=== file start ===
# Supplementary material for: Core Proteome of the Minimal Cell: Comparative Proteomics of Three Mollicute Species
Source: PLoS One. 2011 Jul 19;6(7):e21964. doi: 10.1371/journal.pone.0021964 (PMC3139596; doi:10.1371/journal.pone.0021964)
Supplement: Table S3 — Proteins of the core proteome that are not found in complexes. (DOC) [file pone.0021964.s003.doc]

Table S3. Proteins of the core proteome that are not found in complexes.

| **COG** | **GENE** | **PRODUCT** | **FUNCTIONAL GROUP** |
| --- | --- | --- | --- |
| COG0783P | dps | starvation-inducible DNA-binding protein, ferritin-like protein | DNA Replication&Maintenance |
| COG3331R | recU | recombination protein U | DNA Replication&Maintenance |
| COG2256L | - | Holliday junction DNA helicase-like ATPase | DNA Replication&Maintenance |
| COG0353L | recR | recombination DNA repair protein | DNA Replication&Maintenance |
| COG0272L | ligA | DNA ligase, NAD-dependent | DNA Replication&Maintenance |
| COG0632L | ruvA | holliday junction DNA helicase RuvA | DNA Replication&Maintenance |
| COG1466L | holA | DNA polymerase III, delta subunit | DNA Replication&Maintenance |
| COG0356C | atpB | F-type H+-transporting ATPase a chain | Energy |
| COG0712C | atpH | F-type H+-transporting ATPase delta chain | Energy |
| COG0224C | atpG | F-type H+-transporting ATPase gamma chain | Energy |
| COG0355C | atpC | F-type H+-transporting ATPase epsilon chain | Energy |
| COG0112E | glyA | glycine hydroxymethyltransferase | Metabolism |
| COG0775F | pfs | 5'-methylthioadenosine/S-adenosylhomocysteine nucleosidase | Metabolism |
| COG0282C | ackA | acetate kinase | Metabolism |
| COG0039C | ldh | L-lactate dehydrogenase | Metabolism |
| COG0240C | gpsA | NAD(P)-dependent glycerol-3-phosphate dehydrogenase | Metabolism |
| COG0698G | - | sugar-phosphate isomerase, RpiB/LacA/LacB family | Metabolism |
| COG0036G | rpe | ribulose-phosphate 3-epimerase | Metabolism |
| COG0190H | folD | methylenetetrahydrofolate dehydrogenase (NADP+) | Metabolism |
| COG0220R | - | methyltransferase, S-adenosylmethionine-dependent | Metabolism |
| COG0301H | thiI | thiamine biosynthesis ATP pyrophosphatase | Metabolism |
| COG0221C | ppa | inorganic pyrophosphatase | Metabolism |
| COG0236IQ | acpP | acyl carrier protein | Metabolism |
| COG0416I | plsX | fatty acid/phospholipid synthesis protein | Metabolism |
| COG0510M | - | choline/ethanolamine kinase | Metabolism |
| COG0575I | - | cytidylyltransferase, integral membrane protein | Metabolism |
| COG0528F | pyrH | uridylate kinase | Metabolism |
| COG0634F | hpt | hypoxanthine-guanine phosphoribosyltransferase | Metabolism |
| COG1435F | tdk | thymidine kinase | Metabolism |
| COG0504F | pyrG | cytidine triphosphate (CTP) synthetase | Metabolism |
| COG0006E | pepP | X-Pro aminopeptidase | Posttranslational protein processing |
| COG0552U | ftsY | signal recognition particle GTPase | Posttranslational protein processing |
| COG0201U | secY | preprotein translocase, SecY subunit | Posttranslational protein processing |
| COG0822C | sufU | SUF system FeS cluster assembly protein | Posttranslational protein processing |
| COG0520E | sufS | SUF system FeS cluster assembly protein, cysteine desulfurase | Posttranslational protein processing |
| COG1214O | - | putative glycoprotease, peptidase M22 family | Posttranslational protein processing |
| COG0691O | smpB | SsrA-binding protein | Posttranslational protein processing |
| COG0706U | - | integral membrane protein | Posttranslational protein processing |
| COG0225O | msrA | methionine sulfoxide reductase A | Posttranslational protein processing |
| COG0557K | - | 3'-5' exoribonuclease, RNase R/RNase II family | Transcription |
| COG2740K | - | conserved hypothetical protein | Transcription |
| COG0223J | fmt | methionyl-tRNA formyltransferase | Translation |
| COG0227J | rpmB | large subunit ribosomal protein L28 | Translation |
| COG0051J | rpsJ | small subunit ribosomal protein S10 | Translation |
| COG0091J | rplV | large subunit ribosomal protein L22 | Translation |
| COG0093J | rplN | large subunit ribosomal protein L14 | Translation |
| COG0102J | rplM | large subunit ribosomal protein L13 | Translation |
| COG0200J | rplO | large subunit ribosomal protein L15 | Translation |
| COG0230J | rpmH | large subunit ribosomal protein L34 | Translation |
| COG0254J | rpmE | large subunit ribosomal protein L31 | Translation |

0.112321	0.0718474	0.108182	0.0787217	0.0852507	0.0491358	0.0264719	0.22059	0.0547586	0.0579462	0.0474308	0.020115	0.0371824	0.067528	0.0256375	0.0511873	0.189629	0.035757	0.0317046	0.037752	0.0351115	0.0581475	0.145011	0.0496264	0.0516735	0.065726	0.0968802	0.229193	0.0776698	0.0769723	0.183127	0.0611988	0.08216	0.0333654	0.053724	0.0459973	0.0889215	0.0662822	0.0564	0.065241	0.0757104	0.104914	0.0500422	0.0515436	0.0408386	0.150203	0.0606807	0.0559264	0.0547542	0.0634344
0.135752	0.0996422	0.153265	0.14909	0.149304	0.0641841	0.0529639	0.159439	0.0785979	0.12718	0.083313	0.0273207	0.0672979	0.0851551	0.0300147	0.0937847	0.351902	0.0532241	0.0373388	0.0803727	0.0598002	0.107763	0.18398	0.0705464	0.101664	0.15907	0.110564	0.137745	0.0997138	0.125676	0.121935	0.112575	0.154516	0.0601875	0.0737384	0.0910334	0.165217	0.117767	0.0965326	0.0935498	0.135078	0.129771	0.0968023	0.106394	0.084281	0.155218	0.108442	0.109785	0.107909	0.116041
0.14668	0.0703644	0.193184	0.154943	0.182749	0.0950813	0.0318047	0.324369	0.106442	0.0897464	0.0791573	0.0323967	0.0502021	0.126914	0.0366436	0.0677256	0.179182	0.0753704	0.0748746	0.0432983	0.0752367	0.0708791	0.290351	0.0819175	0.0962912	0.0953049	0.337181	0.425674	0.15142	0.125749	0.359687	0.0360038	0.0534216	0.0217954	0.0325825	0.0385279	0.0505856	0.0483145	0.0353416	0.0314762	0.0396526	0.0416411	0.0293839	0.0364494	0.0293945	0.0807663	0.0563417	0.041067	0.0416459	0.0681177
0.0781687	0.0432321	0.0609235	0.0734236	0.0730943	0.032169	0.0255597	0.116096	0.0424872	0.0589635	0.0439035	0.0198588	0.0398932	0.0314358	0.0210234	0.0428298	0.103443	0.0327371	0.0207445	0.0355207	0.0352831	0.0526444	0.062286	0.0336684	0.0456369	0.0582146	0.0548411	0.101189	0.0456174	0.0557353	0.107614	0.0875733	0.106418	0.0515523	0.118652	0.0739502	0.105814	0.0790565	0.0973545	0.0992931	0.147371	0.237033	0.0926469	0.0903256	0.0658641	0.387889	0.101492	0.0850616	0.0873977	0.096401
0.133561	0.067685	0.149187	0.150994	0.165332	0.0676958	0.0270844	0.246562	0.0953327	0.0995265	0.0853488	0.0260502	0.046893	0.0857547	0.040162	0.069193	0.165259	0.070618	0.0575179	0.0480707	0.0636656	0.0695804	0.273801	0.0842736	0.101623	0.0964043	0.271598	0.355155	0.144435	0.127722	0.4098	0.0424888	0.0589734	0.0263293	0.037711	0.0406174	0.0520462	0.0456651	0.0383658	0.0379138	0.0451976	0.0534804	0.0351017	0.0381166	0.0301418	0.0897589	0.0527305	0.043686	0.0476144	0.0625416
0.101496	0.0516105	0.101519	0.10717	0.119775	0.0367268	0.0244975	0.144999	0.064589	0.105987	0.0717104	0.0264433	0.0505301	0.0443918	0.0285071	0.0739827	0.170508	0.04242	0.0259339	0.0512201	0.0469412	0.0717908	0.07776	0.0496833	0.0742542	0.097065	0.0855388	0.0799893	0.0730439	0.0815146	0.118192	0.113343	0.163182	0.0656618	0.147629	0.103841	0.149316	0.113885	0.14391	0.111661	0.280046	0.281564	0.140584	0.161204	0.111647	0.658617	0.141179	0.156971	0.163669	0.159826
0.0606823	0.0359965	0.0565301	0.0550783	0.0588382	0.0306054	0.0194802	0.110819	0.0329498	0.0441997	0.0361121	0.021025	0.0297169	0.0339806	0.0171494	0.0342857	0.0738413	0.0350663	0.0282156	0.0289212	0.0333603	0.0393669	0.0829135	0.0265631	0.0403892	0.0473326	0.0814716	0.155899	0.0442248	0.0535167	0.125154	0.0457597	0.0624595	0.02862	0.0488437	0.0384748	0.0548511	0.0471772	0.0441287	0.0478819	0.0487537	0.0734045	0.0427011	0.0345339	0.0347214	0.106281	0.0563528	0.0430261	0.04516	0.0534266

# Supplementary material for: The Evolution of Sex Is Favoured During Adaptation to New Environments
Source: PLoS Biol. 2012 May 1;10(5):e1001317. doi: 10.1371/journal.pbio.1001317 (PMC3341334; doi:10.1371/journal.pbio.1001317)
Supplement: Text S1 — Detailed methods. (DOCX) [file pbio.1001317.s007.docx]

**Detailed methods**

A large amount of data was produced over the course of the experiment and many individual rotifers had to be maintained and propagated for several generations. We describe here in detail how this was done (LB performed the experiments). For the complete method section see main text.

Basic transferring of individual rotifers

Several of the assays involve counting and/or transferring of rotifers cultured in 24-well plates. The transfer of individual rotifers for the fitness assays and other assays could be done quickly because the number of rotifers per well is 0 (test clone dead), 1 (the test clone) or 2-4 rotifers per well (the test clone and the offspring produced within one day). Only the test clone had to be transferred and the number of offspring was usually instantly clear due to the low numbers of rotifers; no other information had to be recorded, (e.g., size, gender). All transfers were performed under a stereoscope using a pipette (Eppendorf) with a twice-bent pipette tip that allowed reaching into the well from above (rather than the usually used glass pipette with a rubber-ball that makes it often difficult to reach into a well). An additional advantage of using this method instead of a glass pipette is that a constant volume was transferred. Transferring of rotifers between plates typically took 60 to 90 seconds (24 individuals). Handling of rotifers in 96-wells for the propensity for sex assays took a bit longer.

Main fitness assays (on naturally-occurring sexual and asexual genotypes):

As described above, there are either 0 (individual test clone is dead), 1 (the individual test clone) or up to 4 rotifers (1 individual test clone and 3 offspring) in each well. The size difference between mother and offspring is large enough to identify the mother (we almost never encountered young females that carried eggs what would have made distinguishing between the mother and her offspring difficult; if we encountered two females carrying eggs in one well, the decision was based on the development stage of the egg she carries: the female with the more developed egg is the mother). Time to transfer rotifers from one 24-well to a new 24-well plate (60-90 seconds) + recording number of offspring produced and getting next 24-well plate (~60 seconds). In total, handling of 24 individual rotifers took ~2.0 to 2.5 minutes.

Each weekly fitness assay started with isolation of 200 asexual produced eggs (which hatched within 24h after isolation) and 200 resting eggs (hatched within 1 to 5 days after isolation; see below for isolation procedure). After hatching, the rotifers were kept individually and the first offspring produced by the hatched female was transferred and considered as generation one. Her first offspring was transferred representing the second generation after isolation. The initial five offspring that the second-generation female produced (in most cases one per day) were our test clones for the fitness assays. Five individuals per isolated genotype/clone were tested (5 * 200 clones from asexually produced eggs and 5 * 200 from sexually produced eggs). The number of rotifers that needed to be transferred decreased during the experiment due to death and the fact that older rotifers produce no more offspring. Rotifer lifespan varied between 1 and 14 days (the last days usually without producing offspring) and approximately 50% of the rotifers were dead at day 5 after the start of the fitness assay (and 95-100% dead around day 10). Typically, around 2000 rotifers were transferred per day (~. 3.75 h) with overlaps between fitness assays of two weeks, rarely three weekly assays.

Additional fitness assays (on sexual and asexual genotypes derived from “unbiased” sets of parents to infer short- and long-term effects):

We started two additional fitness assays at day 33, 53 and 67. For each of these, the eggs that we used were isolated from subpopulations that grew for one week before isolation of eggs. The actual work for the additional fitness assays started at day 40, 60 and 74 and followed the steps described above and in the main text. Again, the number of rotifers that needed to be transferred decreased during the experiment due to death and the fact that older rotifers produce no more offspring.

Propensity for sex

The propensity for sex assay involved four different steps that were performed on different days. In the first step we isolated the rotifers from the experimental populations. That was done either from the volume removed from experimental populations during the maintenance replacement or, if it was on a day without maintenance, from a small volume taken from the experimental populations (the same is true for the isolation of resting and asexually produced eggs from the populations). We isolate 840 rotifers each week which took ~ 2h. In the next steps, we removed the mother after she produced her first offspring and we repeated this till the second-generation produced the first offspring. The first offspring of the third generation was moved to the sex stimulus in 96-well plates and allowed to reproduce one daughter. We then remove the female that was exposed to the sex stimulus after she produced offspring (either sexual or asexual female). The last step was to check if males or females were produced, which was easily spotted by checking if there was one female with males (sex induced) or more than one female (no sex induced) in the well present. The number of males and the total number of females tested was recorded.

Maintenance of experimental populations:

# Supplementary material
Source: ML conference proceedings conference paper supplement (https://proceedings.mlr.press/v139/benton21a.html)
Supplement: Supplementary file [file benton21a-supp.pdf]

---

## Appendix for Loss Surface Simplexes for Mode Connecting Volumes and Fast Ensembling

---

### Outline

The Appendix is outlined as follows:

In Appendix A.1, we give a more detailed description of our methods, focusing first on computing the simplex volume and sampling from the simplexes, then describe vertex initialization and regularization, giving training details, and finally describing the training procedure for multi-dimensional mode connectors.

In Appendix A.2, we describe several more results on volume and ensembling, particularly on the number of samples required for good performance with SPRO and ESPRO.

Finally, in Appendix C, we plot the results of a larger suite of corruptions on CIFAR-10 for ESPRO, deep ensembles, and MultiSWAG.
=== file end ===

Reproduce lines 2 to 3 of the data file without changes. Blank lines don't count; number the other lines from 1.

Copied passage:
Source: PLoS One. 2011 Jul 19;6(7):e21964. doi: 10.1371/journal.pone.0021964 (PMC3139596; doi:10.1371/journal.pone.0021964)
Supplement: Table S3 — Proteins of the core proteome that are not found in complexes. (DOC) [file pone.0021964.s003.doc]